Satellites, on the other hand, are not always reliable. Heavy snow or rain can affect transmitters, causing signal degradation. What’s more, the unpredictable nature of live event coverage can be a factor. A delay in a press conference or game kick-off can mean that the allocated circuit may not be available when needed — so often excess, potentially wasted, capacity needs to be booked.

Modern IP-based media networks use a capacity-on-demand model, with booking accomplished in just minutes. The one caveat is that, for the bandwidth required for multiple simultaneous UHD streams, a local point of presence — typically fiber — is needed to allow signaling to get into the IP network. However, with the growth of 5G as a localized “wireless” intermediary network, this endpoint requirement will become less necessary.

SAT to IP replacement in the real world

A great example of a broadcaster moving from satellite to IP distribution is provided by New England Sports Network (NESN), the broadcast home of the MLB’s Boston Red Sox, the NHL’s Boston Bruins, and the WNBA’s Connecticut Sun. NESN delivers multiple Designated Market Area-targeted channels to homes in New England, and via NESN National, throughout the U.S.

NESN worked with The Switch to replace its existing satellite distribution network with next-generation hybrid private fiber and internet distribution. The Switch’s terrestrial distribution platform enables next-generation video compression, encryption, receiver management and control, and a redundant transmission network. Direct private fiber was built into NESN affiliates in areas the broadcaster identified as its most important markets, with additional affiliates fed directly through the internet, utilizing SRT technology.

Signals are now routed from the video encoders and multiplexers hosted at NESN’s Watertown, MA, headquarters and origination facility to The Switch’s Network Operations Center (NOC) in New York City via fully diverse, redundant 10Gbps fiber links. At the New York NOC, individual Multiple Program Transport Streams (MPTS) are tailored for every receiver in the network, based upon which channels of the NESN line-up the affiliate will receive.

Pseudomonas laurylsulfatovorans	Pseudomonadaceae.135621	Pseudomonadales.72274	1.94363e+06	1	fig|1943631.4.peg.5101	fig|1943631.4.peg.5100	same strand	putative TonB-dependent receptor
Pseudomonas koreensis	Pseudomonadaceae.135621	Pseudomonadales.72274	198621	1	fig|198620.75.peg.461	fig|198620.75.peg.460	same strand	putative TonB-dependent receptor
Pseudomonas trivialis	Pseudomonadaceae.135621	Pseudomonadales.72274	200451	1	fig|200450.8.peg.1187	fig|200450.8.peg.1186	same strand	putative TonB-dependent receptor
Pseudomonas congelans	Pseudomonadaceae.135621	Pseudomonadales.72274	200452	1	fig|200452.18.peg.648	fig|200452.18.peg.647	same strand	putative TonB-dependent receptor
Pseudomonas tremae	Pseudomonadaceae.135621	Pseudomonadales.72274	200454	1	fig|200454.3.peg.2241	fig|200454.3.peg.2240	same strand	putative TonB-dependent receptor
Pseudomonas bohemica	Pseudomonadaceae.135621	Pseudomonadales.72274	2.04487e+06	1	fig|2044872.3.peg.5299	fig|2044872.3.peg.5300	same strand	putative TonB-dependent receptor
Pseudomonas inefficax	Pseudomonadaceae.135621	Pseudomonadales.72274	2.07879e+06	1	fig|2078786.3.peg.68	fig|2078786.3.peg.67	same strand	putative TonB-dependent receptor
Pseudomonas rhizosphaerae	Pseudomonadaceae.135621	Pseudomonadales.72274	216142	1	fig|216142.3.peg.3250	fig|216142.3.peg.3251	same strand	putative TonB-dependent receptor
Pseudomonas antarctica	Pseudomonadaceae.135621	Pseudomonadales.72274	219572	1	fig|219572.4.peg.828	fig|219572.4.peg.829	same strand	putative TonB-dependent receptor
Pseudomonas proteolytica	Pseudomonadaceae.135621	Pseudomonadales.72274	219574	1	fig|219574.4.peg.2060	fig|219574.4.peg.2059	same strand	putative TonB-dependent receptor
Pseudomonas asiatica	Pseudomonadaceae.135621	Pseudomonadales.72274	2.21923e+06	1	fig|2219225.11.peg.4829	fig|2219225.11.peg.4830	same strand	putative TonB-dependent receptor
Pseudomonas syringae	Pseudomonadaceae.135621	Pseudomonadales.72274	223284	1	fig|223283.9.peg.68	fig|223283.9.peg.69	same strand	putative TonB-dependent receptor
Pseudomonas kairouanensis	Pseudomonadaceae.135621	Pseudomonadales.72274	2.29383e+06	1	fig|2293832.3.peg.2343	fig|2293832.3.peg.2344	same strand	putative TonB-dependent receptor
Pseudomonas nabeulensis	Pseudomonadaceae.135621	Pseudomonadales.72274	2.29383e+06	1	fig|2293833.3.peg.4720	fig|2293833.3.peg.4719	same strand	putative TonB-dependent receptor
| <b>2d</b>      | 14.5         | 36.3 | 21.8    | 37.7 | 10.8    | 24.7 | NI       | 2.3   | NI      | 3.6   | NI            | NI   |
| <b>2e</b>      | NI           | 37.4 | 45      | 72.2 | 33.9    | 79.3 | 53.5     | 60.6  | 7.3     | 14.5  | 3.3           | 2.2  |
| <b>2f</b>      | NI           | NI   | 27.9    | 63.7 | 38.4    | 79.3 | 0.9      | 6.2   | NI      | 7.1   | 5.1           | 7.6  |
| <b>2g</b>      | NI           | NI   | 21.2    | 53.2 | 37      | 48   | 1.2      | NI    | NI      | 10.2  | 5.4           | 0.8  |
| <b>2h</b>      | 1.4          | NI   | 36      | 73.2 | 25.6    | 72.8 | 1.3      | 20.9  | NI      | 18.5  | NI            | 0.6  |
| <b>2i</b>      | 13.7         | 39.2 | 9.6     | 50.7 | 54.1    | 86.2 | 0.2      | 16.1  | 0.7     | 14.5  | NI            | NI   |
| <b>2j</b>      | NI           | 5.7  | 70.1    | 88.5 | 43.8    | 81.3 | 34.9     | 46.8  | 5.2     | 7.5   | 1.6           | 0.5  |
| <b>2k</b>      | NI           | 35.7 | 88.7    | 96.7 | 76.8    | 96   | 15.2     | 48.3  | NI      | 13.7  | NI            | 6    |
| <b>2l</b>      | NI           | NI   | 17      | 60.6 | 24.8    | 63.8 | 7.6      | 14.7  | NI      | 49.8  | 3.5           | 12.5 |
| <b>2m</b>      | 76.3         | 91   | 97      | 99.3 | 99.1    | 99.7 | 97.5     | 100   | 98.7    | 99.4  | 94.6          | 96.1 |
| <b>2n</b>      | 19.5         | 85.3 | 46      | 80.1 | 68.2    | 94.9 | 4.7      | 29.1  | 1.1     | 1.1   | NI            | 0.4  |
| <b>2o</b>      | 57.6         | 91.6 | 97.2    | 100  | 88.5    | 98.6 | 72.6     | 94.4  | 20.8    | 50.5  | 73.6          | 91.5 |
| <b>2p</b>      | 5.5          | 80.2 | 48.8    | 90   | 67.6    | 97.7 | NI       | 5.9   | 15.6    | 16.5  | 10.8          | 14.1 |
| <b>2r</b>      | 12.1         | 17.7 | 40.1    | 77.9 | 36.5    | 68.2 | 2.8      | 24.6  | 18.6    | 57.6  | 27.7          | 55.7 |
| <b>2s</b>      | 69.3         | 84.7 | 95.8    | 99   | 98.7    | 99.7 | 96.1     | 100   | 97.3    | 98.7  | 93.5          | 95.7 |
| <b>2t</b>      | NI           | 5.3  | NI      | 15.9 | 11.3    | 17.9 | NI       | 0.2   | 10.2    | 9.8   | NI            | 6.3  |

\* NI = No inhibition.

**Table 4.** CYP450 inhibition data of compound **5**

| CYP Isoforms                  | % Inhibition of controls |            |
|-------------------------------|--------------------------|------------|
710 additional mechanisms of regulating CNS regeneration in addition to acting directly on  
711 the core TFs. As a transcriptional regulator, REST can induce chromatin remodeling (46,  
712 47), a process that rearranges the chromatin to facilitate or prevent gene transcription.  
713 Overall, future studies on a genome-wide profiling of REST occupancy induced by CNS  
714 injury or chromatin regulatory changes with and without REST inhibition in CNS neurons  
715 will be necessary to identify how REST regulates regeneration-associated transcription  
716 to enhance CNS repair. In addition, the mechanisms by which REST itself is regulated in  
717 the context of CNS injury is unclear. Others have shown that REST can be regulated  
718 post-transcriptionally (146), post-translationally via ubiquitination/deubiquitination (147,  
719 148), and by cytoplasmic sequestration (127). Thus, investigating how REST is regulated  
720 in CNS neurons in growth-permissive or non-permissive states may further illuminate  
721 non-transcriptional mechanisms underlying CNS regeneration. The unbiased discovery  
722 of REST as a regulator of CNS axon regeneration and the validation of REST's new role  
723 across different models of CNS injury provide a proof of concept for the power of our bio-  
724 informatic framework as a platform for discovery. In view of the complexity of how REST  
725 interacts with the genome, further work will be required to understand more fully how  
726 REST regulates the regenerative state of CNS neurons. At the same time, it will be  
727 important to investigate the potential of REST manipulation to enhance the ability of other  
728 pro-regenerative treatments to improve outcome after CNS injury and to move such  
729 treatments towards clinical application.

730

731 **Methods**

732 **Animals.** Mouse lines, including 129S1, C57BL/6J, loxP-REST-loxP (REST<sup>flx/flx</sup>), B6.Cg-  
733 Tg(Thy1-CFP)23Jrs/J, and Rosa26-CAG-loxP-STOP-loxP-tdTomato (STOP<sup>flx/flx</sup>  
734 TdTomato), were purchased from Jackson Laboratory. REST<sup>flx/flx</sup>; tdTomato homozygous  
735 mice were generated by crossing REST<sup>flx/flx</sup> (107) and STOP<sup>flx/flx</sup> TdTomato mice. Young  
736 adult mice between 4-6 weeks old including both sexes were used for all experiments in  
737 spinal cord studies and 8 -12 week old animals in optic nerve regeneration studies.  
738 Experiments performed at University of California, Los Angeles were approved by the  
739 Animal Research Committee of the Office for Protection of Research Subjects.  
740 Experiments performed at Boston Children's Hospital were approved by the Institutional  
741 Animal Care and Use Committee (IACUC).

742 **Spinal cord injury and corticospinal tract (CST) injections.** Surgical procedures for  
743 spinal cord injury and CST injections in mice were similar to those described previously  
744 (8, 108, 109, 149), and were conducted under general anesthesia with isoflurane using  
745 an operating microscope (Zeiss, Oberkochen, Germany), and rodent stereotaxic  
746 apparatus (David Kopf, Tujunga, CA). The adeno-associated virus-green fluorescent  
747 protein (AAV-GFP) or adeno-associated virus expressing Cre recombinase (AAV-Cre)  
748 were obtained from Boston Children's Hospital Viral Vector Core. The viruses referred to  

Signals are delivered via The Switch-managed IP network to the various affiliates. The utilization of The Switch’s IP network for NESN’s terrestrial distribution model allows for full-time monitoring by NOC personnel and audible alarming of any service degradation or interruption to the paths.

This roll-out resulted in a significant improvement in signal quality delivered to the affiliates and a corresponding reduction in monthly costs to the client for the distribution network.

As a senior NESN executive explained after the launch: “Reliability is vital to these affiliates and our fans, so delivering a seamless transition from satellite to this next-generation platform was crucial. We are now in a position to utilize the best capabilities of fiber and internet to ensure the highest possible signal quality for live broadcasts and we have now laid the important groundwork to deliver our broadcasts in 4K HDR.”

Sports broadcasters and other high-value live content providers are increasingly looking for agility and proficiency — IP delivers this. In a highly competitive TV marketplace, delivering broadcast feeds in the highest quality — with no compromise on latency and the utmost flexibility — is central to meeting audiences’ growing expectations.

Grounded in the future

Satellite-based communication for TV will not vanish overnight. But the shift to IP will accelerate as global telecoms giants purchase more satellite spectrum for 5G and more broadcasters look for the scalability, redundancy, and other pluses IP-based delivery and workflows offer.

Sunk cost around analog, SDI ,and satellite equipment means that the evolution towards a more IP-centric approach will not necessarily be fast. Nonetheless, in the world of live sports, the development of IP-centric workflows and delivery solutions will only continue to broaden broadcasters’ options, which now include:

  • Use of a dedicated DTM network to provide the capacity and low latency needed for the live broadcast of high-profile games;
  • Utilizing hybrid solutions that mix public internet with private DTM networks to serve regional sports networks and broadcast affiliates;
  • Continuing use of satellite for continent-wide or international distribution to affiliates, for which it is still often the simplest solution.

With high-profile live events such as the Olympics and the World Cup on the horizon and sports leagues seeking to increase fan engagement, broadcasters and other rightsholders are looking for ways to spend less but still do more. For many, it makes more sense than ever to shift from satellite — with its rigid, fixed-window limitations — to an IP-centric hybrid approach, which offers a quick-to-deploy, “on-demand” service and billing approach.